As I write this letter I am all too aware of so many things that I must get done. I know this is a feeling that we all share. There are tasks, and even people, in our life that demand our attention and our energy. There are things that seem so urgent and many other things that we may be aware need attended to, yet we’re not quite sure when circumstances will permit us to see to them.
For the past couple of years I have been blessed by taking time away from daily life. I have, for a few short days each year, travelled across the small stretch of water to the Island of Cumbrae and stayed at the College in Millport. I have, together with others, entered the rhythm of prayer at the Cathedral of the Isles. All of us, like anyone else, are folk with lots to do; yet we withdraw – to pray and reflect and … to create an icon.
Under the gentle tutorship of Tatiana, an icon painter from Romania, we come to let go of the world’s rush and, instead, enter the stillness of the eternal that the process of icon painting offers.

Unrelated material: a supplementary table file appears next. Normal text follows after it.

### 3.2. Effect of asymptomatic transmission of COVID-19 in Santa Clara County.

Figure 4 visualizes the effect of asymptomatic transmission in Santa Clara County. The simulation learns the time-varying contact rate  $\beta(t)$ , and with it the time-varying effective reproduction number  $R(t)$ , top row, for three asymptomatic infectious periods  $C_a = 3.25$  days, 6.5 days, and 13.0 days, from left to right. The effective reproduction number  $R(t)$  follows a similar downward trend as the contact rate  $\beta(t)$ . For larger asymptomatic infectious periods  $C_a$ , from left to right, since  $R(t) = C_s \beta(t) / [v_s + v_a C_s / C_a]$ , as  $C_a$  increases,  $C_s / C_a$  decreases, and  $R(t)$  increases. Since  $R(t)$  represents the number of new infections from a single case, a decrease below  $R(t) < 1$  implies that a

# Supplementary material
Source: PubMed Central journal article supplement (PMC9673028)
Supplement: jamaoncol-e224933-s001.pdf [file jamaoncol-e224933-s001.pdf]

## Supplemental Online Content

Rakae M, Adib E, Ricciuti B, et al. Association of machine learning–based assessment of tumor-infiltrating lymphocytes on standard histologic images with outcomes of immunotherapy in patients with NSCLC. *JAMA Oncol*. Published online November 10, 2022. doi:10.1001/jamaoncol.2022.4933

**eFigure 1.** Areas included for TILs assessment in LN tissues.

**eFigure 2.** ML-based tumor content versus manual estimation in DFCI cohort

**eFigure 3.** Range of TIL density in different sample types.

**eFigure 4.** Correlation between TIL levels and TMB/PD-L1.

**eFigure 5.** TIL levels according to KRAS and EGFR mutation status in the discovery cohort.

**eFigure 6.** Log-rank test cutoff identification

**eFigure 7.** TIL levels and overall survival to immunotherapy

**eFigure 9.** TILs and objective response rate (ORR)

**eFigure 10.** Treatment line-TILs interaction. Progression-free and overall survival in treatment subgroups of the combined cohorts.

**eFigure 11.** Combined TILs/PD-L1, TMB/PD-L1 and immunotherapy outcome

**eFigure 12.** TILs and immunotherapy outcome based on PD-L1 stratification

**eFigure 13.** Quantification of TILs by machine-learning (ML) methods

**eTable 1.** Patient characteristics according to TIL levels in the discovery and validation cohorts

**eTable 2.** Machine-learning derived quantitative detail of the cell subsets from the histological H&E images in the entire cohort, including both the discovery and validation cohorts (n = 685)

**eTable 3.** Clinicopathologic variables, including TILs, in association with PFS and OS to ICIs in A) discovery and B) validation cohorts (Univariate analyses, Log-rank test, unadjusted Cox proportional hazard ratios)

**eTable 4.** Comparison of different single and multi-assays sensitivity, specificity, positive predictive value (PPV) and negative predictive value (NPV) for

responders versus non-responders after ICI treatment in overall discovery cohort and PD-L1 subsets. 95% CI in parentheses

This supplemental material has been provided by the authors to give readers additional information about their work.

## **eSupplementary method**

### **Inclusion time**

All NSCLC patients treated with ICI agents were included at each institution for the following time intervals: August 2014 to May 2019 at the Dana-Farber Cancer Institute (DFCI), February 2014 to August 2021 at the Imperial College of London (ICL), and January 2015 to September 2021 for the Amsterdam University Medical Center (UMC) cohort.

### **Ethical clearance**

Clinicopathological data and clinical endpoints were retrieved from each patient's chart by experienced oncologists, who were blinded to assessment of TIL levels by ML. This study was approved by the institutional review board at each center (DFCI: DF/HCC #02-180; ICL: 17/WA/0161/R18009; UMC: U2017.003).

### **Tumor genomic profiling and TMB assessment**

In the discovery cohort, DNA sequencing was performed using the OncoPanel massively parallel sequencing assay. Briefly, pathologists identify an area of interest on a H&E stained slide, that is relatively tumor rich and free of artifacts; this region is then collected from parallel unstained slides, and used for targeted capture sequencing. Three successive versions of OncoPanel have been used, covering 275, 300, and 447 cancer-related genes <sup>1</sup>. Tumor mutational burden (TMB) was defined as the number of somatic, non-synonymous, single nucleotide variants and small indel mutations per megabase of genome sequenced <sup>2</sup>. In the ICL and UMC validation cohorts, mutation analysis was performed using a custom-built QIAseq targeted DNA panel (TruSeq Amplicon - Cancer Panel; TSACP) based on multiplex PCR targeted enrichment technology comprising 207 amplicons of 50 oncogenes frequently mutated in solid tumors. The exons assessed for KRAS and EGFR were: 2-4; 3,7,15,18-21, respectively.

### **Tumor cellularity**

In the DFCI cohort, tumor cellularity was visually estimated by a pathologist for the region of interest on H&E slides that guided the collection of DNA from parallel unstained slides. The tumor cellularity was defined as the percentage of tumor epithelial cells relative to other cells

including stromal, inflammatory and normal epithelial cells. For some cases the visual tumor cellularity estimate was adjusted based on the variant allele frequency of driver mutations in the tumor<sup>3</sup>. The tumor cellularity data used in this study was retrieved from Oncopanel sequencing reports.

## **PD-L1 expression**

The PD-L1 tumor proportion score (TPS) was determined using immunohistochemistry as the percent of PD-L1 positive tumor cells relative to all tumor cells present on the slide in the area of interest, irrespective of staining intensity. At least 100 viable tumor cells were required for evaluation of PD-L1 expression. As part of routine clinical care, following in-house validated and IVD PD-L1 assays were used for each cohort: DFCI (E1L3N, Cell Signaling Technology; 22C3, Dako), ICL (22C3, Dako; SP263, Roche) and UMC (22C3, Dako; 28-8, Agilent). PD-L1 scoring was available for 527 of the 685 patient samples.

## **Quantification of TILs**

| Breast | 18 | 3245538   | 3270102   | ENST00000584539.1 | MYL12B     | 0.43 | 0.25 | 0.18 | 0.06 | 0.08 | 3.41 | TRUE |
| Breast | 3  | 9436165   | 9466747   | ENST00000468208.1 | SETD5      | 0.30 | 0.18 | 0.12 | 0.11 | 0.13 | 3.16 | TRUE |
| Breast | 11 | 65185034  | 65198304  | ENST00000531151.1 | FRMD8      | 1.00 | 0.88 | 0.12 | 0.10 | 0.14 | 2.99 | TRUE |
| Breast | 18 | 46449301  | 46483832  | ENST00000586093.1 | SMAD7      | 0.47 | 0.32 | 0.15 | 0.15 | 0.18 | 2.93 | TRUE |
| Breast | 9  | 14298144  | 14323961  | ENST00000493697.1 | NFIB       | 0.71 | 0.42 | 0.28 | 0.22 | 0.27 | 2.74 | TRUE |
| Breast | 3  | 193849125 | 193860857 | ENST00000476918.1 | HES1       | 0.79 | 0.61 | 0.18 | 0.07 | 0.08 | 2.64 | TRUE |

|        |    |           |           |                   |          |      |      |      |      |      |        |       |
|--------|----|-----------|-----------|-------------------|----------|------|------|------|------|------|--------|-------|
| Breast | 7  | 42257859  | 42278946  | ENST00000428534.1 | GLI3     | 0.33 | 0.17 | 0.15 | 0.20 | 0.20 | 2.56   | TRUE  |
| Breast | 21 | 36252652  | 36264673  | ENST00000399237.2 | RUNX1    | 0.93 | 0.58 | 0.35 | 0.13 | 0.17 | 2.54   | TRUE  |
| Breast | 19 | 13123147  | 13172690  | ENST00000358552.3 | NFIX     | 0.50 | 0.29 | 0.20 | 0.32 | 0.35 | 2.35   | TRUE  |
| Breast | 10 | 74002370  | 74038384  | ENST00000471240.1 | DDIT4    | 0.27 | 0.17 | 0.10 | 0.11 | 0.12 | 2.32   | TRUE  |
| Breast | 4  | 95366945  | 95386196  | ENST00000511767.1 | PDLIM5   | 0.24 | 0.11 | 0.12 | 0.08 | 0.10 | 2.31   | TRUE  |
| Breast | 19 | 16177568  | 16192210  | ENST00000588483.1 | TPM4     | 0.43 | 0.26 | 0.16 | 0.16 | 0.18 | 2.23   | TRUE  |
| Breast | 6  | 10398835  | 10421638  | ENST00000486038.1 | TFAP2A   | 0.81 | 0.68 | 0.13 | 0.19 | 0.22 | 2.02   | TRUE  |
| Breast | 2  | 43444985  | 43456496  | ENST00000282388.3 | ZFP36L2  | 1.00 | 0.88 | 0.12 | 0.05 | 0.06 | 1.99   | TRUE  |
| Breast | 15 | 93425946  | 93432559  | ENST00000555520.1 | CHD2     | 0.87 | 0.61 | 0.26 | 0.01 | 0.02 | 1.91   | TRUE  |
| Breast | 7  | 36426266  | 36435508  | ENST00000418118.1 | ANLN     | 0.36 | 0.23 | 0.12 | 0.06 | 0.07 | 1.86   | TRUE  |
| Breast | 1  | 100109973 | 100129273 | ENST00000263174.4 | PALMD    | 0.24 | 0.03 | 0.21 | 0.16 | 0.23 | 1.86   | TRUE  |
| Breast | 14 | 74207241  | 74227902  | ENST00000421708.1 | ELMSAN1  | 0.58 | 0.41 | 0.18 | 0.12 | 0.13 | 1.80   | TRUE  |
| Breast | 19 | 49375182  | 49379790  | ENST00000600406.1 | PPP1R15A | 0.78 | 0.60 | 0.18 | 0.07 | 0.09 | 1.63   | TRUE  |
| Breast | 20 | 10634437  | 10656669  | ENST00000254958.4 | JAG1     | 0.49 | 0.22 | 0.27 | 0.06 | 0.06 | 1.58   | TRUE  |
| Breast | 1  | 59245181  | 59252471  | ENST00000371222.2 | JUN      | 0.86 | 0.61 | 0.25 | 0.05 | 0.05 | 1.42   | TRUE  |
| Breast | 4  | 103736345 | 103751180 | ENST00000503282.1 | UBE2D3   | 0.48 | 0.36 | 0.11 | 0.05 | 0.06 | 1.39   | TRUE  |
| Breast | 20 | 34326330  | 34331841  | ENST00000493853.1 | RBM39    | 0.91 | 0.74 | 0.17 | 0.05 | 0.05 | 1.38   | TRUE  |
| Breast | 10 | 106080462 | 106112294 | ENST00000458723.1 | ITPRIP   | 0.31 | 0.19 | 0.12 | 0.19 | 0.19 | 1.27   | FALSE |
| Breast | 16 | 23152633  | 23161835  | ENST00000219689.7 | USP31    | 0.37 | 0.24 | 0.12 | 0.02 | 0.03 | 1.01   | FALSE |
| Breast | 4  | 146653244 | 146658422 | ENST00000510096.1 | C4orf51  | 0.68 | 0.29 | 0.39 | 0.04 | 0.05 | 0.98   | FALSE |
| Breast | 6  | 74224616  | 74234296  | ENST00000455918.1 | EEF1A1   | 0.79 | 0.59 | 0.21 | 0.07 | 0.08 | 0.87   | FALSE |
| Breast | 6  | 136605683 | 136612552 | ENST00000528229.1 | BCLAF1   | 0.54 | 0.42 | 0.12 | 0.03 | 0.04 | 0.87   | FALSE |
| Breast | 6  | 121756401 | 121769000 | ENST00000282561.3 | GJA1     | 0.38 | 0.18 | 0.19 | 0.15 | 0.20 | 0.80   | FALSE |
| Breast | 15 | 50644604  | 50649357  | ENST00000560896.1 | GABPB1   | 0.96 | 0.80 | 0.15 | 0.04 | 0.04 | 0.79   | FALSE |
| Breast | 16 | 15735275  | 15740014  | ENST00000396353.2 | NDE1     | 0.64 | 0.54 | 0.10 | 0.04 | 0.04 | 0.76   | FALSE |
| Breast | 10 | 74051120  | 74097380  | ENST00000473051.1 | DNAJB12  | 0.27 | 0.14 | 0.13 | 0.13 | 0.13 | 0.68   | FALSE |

We know we are fortunate, but we also know this is a discipline. It would have, in many ways, been easier simply to heed the loud and insistent demands of the everyday. Instead, like our Lord himself, we are all challenged with the call to withdraw; to be renewed and so be better equipped to meet all that life brings us.
Icons are sometimes called “windows into eternity”. They draw the faithful into the truth that there is much more to life than the here and now. There is that other unchanging and everlasting dimension.
The feast of St Michael and All Angels, celebrated at the end of this month, also reminds us that there is more in life and in death than we could ever have imagined; reminds us that we must strive for love and goodness; for victory ultimately belongs to the eternal Lord of heaven and earth: to God whose name is love.
Yours in the faith,